Getting to the notoriously car-centric wasteland of the Valley, and moving though it, may be a lot easier in the not-too-distant future, thanks to billions of dollars worth of transit options that are either on their way or in the early stages of actually coming to pass. The LA Register took a look at the projects (tunnel under the SaMo mountains!) and picked out the "unfunded, unplanned or unlikely" options so no one continues to be excited about them. The three projects that get the most attention (because they're actually expected to happen) are the express bus line from the Valley to Westwood, the tunnel under the Santa Monica Mountains, and either a bus, tram, or rail line along Van Nuys Boulevard. Even if they're in the works, many of the projects are still a long way off. For example, the tunnel under the mountains isn't planned to open until 2039 because the money won't even be available for at least another 14 years.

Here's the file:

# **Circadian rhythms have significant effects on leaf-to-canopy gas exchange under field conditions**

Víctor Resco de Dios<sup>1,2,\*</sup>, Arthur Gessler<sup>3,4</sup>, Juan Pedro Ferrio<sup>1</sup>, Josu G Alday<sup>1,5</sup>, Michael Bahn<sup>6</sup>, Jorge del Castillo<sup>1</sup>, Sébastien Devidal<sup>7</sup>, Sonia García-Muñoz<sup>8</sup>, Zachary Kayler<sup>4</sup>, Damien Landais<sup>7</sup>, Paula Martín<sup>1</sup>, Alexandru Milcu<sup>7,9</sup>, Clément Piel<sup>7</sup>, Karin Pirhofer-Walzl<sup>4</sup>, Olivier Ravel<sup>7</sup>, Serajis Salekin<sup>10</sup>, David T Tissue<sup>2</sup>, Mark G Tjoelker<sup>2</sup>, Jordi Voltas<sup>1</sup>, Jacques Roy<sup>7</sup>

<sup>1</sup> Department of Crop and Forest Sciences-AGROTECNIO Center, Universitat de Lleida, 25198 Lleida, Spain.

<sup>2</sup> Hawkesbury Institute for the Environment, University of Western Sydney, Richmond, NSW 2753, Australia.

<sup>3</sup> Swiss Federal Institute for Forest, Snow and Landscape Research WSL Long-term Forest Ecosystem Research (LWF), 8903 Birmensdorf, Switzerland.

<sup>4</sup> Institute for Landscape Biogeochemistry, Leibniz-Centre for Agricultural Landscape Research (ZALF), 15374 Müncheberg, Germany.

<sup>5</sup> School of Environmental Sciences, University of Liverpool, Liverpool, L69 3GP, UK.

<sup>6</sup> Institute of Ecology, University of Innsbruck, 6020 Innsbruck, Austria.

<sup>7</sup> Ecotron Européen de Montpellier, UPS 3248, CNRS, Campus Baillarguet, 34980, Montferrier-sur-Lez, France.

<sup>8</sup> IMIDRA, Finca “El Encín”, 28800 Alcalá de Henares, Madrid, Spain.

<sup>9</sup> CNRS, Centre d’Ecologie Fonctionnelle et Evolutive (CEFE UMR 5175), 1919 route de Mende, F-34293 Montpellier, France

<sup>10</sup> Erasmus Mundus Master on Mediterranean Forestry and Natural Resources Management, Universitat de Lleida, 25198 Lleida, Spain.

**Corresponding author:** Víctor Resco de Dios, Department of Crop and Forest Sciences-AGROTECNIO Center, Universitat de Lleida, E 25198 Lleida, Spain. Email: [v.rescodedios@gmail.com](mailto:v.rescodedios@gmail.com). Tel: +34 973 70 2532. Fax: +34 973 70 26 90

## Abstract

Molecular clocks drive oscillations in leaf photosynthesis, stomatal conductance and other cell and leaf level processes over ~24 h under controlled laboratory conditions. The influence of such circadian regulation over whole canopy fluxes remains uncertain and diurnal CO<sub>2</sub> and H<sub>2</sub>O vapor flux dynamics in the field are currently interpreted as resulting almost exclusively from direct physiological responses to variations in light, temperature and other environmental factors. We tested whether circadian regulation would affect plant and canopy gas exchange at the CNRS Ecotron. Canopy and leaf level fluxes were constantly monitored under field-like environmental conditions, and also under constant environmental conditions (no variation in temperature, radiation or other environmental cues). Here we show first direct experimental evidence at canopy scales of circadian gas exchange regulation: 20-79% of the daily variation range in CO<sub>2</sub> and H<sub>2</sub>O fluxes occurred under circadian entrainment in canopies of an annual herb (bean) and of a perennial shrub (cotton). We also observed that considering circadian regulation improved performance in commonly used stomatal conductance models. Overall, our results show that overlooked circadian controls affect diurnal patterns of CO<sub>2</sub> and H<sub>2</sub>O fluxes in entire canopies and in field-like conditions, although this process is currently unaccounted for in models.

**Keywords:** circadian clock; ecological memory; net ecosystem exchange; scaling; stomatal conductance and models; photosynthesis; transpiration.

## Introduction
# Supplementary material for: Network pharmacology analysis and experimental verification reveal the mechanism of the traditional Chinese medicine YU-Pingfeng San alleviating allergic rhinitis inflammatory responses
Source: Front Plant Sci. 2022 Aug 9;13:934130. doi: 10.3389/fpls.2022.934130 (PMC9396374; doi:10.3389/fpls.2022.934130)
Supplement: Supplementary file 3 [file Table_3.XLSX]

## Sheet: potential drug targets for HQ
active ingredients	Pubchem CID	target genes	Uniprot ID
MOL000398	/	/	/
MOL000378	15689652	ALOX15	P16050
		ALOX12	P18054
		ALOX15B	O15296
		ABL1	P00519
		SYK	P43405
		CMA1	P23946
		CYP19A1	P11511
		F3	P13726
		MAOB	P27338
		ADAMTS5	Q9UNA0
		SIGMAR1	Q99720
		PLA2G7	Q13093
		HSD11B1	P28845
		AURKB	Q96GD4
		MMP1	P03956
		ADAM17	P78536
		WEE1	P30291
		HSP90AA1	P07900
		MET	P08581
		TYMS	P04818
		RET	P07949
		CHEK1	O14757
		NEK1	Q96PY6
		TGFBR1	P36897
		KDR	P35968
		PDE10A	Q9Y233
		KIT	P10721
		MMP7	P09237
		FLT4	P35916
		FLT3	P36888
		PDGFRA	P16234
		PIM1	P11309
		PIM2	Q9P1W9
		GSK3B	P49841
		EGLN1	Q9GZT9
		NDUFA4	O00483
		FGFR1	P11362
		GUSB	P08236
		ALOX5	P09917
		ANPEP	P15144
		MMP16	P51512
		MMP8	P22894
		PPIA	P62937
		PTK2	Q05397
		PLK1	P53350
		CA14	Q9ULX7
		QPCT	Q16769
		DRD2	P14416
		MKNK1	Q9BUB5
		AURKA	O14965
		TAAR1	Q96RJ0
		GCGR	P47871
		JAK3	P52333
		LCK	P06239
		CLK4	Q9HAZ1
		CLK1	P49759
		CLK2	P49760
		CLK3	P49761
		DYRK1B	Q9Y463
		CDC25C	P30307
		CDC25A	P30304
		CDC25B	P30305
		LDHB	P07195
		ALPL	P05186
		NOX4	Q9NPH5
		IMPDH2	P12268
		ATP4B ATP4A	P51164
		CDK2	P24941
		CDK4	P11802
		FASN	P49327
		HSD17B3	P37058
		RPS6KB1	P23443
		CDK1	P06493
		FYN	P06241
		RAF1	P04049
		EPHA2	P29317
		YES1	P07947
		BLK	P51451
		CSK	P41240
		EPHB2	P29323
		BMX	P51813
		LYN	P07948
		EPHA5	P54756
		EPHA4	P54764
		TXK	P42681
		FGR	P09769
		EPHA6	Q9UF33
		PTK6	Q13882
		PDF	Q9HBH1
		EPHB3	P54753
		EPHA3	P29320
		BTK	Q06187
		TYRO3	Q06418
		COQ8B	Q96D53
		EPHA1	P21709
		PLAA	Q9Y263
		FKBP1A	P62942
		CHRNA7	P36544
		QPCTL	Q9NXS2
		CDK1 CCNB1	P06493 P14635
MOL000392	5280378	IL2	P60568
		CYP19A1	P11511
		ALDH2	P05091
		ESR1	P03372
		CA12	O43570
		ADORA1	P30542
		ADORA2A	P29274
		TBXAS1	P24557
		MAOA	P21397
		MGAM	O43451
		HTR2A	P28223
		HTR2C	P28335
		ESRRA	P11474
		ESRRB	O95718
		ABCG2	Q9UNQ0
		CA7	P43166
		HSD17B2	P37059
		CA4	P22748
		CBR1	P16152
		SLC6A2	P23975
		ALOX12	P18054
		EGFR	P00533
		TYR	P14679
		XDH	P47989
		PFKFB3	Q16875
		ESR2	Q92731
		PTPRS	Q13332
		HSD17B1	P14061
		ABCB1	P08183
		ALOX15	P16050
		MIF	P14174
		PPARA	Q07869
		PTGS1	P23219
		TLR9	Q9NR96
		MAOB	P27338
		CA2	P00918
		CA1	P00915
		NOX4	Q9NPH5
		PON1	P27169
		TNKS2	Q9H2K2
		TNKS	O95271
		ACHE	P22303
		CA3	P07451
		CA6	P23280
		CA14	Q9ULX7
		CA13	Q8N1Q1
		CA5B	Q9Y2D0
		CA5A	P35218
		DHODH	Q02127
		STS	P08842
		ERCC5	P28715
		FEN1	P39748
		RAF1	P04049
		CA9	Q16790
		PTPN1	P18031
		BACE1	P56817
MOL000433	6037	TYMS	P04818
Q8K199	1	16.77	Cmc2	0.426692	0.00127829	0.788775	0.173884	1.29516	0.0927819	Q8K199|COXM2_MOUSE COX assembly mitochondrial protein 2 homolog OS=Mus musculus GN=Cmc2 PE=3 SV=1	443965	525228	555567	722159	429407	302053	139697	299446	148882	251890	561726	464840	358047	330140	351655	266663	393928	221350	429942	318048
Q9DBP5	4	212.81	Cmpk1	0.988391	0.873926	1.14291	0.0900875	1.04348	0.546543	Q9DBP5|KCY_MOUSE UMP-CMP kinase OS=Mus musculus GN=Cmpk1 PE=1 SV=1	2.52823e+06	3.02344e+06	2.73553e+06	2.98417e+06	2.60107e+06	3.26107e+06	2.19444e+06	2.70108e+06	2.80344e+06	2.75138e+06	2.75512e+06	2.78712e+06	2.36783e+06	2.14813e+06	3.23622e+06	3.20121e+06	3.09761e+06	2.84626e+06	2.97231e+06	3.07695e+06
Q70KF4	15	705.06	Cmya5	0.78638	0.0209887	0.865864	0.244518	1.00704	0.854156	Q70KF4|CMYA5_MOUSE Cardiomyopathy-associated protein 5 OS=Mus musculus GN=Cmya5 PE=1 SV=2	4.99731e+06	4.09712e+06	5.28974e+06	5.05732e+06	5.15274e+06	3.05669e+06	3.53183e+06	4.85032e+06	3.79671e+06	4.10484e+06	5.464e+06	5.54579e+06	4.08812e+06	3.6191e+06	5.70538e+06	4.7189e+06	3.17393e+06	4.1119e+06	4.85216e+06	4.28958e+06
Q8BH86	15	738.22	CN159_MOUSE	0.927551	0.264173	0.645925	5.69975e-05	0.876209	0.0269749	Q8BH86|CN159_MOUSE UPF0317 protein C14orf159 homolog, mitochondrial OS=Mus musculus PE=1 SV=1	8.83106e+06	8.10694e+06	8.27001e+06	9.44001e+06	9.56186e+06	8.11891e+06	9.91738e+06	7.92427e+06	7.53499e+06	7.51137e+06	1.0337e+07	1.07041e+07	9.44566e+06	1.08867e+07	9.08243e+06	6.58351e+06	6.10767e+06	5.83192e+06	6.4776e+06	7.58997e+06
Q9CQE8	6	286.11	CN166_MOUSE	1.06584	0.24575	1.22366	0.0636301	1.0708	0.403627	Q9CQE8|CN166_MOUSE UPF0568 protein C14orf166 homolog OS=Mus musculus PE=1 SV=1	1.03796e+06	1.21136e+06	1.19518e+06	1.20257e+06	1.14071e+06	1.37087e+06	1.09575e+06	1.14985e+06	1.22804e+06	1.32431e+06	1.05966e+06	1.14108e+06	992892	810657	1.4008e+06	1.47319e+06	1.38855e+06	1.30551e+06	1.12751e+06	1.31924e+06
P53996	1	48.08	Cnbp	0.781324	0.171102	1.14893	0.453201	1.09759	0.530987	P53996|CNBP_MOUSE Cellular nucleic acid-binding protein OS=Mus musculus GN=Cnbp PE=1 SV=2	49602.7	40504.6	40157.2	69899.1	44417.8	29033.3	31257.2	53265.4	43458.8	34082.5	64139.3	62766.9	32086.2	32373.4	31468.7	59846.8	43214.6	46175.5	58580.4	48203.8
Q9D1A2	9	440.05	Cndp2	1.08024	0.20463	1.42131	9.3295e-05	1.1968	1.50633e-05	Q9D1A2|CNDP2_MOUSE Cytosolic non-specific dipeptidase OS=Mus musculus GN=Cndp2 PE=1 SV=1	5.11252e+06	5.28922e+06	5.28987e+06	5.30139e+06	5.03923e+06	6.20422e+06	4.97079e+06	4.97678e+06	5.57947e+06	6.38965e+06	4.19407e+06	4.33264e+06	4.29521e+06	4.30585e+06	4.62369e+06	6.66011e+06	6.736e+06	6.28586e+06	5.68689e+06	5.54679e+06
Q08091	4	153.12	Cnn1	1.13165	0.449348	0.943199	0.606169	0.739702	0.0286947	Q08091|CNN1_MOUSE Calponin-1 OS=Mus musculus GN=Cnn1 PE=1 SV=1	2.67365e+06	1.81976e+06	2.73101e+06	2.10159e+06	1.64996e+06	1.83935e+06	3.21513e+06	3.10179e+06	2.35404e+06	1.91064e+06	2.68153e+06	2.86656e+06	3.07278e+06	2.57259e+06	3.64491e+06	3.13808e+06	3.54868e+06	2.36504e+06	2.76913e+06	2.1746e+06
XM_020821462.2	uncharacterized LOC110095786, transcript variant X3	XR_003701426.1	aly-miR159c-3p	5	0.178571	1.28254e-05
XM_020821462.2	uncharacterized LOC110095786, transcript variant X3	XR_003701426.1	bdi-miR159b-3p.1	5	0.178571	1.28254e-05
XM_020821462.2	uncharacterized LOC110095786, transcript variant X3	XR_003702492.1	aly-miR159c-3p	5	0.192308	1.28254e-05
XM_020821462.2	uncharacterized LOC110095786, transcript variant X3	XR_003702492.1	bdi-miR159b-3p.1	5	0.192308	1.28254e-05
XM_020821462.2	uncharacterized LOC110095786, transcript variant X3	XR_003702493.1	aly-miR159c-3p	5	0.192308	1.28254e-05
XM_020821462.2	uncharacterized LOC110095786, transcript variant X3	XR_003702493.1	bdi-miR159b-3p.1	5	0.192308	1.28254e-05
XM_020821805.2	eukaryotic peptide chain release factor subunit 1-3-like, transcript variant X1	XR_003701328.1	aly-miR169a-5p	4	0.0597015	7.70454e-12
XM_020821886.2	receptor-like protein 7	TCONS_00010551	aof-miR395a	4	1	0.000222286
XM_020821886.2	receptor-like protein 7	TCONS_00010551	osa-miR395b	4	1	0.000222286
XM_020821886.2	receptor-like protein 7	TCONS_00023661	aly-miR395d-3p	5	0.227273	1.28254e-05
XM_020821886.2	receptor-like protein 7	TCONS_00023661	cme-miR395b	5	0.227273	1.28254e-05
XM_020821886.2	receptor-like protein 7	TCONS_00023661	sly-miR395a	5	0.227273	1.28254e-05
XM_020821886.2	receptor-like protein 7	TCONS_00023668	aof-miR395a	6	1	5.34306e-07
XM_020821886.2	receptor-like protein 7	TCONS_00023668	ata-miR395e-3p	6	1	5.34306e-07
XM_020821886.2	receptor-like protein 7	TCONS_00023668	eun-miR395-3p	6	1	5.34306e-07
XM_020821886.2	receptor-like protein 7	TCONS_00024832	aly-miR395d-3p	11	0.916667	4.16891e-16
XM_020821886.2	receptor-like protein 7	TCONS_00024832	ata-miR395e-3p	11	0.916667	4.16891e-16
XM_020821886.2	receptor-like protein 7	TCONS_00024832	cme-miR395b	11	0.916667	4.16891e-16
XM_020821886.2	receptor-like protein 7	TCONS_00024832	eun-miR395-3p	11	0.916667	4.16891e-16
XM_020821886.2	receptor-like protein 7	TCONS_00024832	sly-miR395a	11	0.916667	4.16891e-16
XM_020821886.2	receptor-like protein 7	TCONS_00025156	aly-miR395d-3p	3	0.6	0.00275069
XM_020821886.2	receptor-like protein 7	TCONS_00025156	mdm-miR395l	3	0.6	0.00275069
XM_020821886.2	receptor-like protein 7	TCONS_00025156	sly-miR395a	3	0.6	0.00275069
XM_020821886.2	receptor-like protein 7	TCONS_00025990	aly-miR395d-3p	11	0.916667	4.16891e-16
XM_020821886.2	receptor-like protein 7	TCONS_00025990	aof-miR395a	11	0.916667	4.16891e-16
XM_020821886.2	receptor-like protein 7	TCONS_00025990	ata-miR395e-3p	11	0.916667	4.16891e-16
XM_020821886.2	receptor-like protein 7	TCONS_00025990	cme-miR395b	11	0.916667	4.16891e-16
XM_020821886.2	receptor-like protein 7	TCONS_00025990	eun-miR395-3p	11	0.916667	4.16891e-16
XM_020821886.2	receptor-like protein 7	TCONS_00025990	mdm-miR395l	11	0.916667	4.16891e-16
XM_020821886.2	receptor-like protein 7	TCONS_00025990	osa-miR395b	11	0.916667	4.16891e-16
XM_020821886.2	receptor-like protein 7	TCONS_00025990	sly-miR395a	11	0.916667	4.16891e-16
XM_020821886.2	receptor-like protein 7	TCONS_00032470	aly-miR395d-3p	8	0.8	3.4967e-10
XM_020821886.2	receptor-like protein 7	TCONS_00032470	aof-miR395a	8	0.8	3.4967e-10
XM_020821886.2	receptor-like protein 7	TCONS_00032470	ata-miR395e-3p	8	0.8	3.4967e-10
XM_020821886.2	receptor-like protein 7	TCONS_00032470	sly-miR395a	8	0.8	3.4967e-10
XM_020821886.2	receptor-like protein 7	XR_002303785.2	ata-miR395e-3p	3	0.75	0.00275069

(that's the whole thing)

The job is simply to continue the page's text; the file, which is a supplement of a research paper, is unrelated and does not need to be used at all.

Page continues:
· A bus line from the Valley to the Westside that operates on the 405's shoulder or carpool lane: With the completion of the 405's expansion, there's more theoretical space for the 788 line, an express bus that would run in peak hours starting in Panorama City, going south along Van Nuys Boulevard, west alongside the Orange Line, then hopping onto the 405 for nonstop service to Westwood. There's no money for the project yet, but it's being studied and there'll be a report on it at the Metro board meeting this month.
· That tunnel under the Santa Monica Mountains: There are three different ideas about how the tunnel should work, the longest (and coolest) of which is a "21-mile tolled highway tunnel" and another equally long tunnel for rail. Metro's long-range plan projects the tunnel will be done around 2039—because there won't even be any money for the project for 14 years. Metro's considering letting private companies in on the project (or a Measure R-like tax bump), but the immediate next step is figuring out how much people would pay to drive through this thing.
· Something (train, tram, light rail) along Van Nuys Boulevard: As of October, there were five options to choose from along the wide street. Adding to complications is the fact that Metro's got $170 million for the project, but estimates say it'd cost about $2 billion.
· L.A. looking to spend billions to improve traffic [LAR]